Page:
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Giant Cell Arteritis (Temporal Arteritis)
Symptoms of Giant Cell Arteritis – Complications – Diagnosis – Blindness – Treatment of Temporal Arteritis
Giant Cell Arteritis (Temporal Arteritis)
Inflammation in the wall narrows the blood vessel’s diameter limiting blood supply to the tissues. Permanent loss of vision in one of both eyes is the major concern in this disease.
Giant cell arteritis is rare before age 55. Mostly whites of European decent are affected.
Symptoms of Temporal Arteritis
Headache in Temporal Arteritis
Headache is normally the first symptom, which is brought to doctor’s attention. Headache in temporal arteritis is a dull and annoying pain. It is often centered in the temple but it can spread to the other side or to the whole head. Some patients have hypersensitive scalp, similar to allodynia caused by chronic migraine. The headache is rather chronic, persisting though the day but it may be intermittent as well.
The rest of the symptoms in temporal arteritis are caused by the tissue ischemia (insufficient blood supply). Tongue and jaw claudication (pain and fatigue of the jaw and tongue muscles) while chewing.
Some patients have a visibly swollen and painful to touch temporal artery.
Presence of these symptoms makes the diagnosis of temporal arteritis almost certain. Unfortunately, these classical features are frequently missing and the disease hits the eye first.
Vision Loss In Temporal Arteritis
The most devastating complication of giant cell arteritis is a sudden and permanent loss of vision in one eye. The other eye may be affected later.
Ophthalmic artery blockage is responsible for the vision loss. Ophthalmic artery supplies retina, optic nerve and other structures inside the orbit. Vision loss is often permanent and it comes with no warnings.
For this reason, every person over 55 with a new type of unexplained headache has to be evaluated for giant cell arteritis; or it has to be considered, at least.
About 50% of patients affected by temporal arteritis have involvement of the other parts of the body leading to the diagnosis of polymyalgia rheumatica.
Polymialgia rheumatica has nonspecific symptoms of fatigue, malaise, fever, pain and stiffness in the neck and the limbs.
About 15% of untreated people with polymialgia rheumatica will eventually develop temporal arteritis.
Diagnosis of Temporal Arteritis
Permanent loss of vision may be preceded by episodes of transient vision loss or double vision. For this reason, any person over 55 with a double vision and a headache has to be evaluated regarding the possibility of temporal arteritis.
Treatment of temporal arteritis is far from benign, so a definite diagnosis is very desirable.
The most reliable diagnostic test for temporal arteritis is a temporal artery biopsy (if positive). The procedure is unpleasant and may be negative in the cases with no jaw/tongue claudication, which throws us back to square one.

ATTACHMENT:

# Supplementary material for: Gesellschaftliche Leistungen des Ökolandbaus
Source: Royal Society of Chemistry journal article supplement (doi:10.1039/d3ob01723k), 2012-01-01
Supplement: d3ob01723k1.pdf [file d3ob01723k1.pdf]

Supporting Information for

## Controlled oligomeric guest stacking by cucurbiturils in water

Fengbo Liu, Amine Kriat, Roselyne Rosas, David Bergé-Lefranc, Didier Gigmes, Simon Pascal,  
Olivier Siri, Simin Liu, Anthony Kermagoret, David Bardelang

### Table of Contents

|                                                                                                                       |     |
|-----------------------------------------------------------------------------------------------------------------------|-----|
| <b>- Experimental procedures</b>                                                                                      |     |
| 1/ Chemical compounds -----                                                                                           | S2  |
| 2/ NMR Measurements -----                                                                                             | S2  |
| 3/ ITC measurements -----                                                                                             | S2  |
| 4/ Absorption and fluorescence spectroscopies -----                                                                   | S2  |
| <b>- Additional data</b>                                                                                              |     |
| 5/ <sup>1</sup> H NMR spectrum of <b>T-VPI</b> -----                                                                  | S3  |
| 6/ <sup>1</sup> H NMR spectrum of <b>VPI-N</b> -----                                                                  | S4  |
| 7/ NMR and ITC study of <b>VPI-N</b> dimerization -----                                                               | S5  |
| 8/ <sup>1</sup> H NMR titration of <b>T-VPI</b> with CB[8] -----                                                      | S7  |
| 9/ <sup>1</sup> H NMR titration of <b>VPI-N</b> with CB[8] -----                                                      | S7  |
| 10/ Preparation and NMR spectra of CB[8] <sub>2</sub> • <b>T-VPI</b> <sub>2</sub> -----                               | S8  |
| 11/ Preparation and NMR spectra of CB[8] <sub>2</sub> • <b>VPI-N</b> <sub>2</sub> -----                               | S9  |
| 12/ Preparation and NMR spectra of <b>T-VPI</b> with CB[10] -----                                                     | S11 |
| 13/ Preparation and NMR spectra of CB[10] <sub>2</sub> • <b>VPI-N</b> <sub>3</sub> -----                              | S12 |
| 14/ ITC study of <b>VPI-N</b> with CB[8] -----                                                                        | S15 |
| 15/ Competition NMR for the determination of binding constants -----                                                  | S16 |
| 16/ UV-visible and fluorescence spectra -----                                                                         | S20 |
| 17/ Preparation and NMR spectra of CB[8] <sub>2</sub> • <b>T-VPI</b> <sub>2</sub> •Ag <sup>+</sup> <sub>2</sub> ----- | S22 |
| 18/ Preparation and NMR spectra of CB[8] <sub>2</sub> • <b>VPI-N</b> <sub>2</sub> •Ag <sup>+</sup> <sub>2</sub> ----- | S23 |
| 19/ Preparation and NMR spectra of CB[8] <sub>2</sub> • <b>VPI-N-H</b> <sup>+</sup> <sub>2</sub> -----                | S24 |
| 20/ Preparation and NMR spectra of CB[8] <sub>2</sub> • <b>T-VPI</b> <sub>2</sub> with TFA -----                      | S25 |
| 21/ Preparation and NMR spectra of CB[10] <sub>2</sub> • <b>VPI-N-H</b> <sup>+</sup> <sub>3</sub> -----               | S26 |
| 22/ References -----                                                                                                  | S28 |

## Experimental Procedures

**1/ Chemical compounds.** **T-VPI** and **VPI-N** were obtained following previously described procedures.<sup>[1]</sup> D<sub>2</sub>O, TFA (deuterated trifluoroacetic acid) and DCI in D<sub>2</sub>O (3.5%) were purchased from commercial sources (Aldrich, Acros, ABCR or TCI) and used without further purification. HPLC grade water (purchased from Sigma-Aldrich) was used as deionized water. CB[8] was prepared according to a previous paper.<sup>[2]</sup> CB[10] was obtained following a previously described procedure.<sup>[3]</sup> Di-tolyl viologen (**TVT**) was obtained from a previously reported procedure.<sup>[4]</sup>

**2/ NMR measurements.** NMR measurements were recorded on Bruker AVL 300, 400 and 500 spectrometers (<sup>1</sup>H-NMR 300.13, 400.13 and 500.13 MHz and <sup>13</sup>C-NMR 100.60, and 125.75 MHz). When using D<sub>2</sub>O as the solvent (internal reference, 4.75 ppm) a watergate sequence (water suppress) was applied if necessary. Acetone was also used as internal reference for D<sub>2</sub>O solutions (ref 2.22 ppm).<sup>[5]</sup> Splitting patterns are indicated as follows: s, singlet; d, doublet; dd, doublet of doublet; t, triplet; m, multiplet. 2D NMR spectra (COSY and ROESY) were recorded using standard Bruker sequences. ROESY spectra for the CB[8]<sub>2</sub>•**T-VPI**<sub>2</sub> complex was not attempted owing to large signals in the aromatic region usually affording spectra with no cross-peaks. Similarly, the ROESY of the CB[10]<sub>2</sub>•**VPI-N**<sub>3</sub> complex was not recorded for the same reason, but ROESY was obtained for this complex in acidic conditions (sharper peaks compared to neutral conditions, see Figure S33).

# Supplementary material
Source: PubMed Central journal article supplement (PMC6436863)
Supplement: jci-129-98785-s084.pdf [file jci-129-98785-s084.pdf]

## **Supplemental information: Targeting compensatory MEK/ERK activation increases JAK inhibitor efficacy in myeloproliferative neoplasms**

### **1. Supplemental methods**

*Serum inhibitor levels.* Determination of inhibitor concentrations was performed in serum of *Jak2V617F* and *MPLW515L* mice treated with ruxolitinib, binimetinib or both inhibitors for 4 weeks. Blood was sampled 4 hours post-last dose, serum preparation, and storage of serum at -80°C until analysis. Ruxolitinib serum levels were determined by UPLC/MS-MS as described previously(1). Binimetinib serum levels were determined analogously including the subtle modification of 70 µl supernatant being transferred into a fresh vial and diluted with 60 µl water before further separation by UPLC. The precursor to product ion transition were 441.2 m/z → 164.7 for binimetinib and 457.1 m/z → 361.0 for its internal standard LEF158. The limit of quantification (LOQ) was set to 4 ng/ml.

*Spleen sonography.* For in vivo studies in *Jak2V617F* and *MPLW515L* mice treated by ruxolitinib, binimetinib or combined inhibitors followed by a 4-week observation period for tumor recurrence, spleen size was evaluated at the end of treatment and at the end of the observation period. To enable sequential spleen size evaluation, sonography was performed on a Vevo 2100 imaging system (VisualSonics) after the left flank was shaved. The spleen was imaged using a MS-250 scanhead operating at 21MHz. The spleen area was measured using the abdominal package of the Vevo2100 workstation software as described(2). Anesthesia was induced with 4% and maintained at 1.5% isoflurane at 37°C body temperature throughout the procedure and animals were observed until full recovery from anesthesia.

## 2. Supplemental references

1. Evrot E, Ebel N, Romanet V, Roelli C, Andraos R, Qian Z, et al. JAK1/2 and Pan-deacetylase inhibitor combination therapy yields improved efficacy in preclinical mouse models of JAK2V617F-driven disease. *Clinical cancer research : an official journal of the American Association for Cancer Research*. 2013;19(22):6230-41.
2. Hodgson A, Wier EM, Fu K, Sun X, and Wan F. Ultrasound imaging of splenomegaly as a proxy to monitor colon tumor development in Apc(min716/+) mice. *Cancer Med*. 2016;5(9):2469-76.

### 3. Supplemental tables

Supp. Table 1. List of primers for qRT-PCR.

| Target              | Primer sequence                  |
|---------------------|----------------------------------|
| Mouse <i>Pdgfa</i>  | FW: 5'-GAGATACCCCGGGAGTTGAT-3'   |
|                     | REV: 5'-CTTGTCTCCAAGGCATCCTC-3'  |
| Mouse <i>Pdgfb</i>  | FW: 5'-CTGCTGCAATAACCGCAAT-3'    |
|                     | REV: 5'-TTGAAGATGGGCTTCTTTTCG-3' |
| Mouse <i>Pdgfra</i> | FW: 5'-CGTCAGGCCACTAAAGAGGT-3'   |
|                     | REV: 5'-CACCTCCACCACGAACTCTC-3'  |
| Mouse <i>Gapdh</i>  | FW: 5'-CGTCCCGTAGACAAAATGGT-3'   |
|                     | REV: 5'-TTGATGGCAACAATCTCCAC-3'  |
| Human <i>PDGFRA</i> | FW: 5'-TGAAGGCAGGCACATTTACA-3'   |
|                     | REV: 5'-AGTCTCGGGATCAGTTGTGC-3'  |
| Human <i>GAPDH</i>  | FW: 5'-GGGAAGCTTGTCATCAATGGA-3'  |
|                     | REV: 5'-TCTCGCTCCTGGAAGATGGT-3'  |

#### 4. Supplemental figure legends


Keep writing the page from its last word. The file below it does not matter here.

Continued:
Blood tests for ESR and C-Reactive Protein demonstrate very high numbers (ESR is usually 80 and above). The problem with ESR is that, it is very sensitive but not specific. Later in life ESR is naturally elevated and there are lots of other reasons for the elevated ESR in this age group. On the other hand, when ESR shoots above 80 in any age group it is definitely concerning.
Any infection or inflammation in the body will make the numbers high. In 12% of cases of temporal arteritis, ESR may be normal and only CRP level is elevated. Even CRP might be normal, which adds up some extra challenge to the diagnostic process.
Elevation of CRP and ESR in response to inflammation is not simultaneous. Repeated blood work makes a perfect sense.
Ultrasound of the temporal arteries may demonstrate a “halo” sign. Doctors infrequently rely on this test, however.
MRI and even PET CT may be helpful, but they are rarely utilized for the diagnosis of temporal arteritis.
Treatment of Temporal Arteritis
Long term corticosteroids, such as Prednisone, is the mainstay of the treatment. Treatment of temporal arteritis is a double-edged sword, since the missed diagnosis often causes a permanent blindness but the incorrect one destines the patient to months and years of an unnecessary steroid treatment. Long term treatment with corticosteroids predictably leads to a wide range of side effects.
The dose of steroids is relatively high (about 1mg of Prednisone per kg). Headache due to temporal arteritis is expected to subside within a week or even sooner.
Corticosteroids are notorious for alleviating any type of headache, so the pain relief not prove the correct diagnosis. Persistence of the headache beyond one week of Prednisone treatment makes a giant cell arteritis diagnosis unlikely.
Loss of vision remains a possibility for the first month of Prednisone treatment even if the treatment has been started immediately after this disease was suspected.
Steroid treatment usually lasts from months to years (average 2 years). Giant cell arteritis is not a life-long condition. It is wise to taper steroids every a few months while watching for ESR numbers. If ESR level does not rise, steroids can be gradually discontinued.
Important! Never stop steroids without doctor’s recommendations and/or supervision because it might be life-threatening!